The Holy Spirit is the most powerful Being in the universe and He is for you (Rm 8:31). Some translations call Him “The Friend” for He truly is the great Friend of sinners (leading them to Jesus) and saints (encouraging and guiding us). He never leaves us for He is the Friend who sticks closer than a brother (Pro 18:24). Jesus said the Spirit would be in us like a river (Jn 7:38). Just as a river needs to flow, so too does the Holy Spirit desire to flow out of you to refresh and bring life to others. One emotion which is consistently linked with the Holy Spirit is joy (Lk 10:21, Acts 13:52, 1 Th 1:6). If there is no joy in your walk, lean on the Holy Spirit. Believe that He is with you and in you to strengthen you with the Lord’s joy. If you are timid in your witness, understand that God has not given you a spirit of intimidation (2 Tim 1:7). His kingdom is characterized by righteousness, peace and joy in the Holy Spirit.
Myth 6: The Holy Spirit is in the background somewhere – I’m not sure what He’s up to
Truth 6: The Holy Spirit actively partners with us and empowers us to be bold witnesses (2 Cor 13:14, Acts 1:8)
In Greek the Holy Spirit is described as a paraclete (Jn 16:7). The image is of a soldier who partners with us side-by-side in combat like Jonathan’s armor-bearer (1 Sam 14:7). And what a Powerful Partner He is! He never loses, He bears no scars, and His enemies have already been defeated! If you are saved then you already are acquainted with His work, for you could never have confessed Jesus as Lord without His help (1 Cor 12:3). (Have you ever thanked Him for that?) Many Christians know what it is to walk in the authority of Jesus’ Name, but they do not fully operate in the power of the Spirit. They’re like a cop with a badge but no gun. Jesus gave us authority (Lk 10:19) but said the Spirit would give us power (Acts 1:8). When the Spirit came on Saul in the Old Testament, the Bible says he was turned into another man who was empowered to do “whatever the occasion demands” (1 Sam 10:6-7, NKJV). Similarly, in the new covenant the Spirit turns you into a new creation who is empowered to preach and demonstrate the gospel of the kingdom (1 Co 2:4). This includes healing the sick, driving out demons, and raising the dead, as the occasion demands (Mt 10:8). See Acts 3:11-16 for a picture of what this looks like.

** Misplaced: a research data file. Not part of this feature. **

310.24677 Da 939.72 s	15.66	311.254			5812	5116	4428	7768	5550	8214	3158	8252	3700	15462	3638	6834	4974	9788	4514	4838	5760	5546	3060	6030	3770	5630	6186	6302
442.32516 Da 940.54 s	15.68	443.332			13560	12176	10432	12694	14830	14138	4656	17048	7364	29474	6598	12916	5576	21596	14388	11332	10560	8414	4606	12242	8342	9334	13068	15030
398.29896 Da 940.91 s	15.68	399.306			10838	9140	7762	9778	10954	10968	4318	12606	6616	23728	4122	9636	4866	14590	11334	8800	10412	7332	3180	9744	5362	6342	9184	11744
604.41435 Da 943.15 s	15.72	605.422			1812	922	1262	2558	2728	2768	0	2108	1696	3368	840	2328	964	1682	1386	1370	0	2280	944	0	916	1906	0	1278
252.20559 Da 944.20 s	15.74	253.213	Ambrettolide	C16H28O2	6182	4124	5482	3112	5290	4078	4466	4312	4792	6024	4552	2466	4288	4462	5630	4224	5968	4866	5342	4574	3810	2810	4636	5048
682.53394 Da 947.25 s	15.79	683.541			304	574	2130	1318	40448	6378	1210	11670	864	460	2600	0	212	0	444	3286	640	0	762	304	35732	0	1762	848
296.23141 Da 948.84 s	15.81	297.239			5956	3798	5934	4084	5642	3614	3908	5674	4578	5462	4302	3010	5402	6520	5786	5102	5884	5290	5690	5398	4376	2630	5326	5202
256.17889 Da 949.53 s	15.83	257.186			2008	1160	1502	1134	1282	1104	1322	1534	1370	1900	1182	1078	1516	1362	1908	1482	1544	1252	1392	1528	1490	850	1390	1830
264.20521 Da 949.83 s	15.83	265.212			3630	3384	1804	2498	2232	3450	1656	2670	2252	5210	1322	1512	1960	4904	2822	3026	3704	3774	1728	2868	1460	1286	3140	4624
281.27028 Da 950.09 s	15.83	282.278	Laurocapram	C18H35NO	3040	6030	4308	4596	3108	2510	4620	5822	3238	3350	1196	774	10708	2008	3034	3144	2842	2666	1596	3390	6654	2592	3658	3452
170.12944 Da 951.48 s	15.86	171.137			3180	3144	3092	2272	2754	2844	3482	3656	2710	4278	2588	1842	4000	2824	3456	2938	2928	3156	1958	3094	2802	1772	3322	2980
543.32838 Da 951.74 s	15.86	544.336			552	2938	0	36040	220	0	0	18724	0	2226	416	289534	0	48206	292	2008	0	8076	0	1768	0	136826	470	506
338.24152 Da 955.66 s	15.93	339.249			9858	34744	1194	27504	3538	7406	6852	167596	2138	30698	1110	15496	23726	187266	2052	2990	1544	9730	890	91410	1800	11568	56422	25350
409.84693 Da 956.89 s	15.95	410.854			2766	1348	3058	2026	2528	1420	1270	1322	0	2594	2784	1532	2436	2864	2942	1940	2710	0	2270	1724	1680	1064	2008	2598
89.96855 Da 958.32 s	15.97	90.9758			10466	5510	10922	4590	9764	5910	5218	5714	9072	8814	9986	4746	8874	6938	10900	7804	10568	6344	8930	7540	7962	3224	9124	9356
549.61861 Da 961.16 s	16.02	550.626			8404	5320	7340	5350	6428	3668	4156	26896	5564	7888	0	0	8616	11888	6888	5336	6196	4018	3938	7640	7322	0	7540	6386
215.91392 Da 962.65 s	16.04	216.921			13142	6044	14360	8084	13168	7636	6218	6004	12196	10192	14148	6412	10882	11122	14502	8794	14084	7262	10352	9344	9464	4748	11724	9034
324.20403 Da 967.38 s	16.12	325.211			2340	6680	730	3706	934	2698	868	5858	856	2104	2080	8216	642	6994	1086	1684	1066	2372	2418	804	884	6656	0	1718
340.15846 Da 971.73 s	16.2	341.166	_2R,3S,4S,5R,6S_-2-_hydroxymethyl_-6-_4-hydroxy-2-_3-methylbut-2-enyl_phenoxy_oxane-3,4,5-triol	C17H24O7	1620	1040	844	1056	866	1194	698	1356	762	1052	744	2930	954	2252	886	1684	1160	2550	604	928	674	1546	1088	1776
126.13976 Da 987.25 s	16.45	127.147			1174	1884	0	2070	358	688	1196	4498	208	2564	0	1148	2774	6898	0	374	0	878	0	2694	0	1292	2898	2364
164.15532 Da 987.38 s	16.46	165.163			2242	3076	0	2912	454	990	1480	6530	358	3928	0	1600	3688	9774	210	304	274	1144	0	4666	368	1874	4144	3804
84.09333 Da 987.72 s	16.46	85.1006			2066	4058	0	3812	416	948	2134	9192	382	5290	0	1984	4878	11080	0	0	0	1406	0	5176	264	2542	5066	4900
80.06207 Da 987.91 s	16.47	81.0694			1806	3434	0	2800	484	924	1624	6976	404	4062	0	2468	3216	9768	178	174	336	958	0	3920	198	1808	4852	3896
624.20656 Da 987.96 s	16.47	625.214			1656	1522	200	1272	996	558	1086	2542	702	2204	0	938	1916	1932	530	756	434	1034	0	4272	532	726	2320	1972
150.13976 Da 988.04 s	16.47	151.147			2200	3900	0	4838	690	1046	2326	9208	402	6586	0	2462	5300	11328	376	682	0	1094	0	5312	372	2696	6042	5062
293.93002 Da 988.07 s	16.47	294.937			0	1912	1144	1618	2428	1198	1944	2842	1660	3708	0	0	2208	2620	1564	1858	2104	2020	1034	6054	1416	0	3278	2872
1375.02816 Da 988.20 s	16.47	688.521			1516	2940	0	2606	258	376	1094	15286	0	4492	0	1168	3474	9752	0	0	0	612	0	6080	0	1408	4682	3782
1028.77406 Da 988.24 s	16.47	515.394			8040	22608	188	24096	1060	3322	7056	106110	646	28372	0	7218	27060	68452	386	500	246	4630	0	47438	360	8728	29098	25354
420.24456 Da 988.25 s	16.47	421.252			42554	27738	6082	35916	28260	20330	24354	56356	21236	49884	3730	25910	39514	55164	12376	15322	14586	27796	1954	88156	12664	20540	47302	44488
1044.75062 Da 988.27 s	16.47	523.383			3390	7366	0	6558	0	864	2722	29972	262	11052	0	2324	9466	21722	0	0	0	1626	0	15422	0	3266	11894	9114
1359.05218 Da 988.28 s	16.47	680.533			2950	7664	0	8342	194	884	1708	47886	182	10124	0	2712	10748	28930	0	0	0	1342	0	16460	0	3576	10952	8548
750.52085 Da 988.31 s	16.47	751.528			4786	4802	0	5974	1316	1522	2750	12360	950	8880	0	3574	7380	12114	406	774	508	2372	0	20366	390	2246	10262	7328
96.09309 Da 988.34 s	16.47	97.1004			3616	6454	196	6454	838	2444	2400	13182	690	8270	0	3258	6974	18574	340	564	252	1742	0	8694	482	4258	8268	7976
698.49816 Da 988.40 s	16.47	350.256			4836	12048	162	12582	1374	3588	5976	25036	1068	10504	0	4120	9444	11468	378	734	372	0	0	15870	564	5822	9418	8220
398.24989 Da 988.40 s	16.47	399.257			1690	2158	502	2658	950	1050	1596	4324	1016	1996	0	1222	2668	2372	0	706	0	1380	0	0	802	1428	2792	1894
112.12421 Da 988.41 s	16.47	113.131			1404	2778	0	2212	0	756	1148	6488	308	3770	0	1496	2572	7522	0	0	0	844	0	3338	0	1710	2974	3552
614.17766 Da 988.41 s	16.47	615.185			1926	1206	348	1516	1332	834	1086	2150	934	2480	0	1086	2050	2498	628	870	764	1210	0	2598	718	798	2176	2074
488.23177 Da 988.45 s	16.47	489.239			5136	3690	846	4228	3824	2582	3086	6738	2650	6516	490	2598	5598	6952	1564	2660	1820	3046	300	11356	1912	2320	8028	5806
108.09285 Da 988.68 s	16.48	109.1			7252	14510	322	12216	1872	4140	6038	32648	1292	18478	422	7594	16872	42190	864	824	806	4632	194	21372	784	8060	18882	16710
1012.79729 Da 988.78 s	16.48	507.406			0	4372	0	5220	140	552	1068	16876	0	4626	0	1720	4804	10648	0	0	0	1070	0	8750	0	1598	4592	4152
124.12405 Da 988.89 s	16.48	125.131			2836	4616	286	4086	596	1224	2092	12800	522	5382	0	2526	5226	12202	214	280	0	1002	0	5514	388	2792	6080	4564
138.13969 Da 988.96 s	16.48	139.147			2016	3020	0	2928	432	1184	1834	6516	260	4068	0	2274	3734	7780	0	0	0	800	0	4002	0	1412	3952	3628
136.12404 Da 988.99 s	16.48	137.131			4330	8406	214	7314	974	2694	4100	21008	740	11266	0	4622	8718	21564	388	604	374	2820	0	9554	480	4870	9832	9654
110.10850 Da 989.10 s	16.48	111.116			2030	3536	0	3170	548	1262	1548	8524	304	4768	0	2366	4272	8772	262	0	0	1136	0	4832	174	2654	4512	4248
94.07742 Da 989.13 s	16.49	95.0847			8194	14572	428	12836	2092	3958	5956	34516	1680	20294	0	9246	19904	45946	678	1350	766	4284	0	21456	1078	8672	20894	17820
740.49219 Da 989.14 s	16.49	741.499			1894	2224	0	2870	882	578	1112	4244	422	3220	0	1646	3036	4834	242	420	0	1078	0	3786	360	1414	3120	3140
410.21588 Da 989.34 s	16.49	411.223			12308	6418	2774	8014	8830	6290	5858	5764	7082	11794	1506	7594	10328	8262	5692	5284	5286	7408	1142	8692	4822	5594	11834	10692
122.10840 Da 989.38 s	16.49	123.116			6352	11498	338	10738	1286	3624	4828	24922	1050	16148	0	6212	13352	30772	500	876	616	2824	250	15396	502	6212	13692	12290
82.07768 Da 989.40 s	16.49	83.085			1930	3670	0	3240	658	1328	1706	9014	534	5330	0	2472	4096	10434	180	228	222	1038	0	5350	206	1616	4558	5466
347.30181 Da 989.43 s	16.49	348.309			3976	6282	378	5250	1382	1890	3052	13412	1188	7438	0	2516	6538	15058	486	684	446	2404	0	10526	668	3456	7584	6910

Myth 7: The Holy Spirit leaves me speechless and anxious
Truth 7: The Holy Spirit gives you words to say so you need not worry (Mk 13:11, Lk 12:12)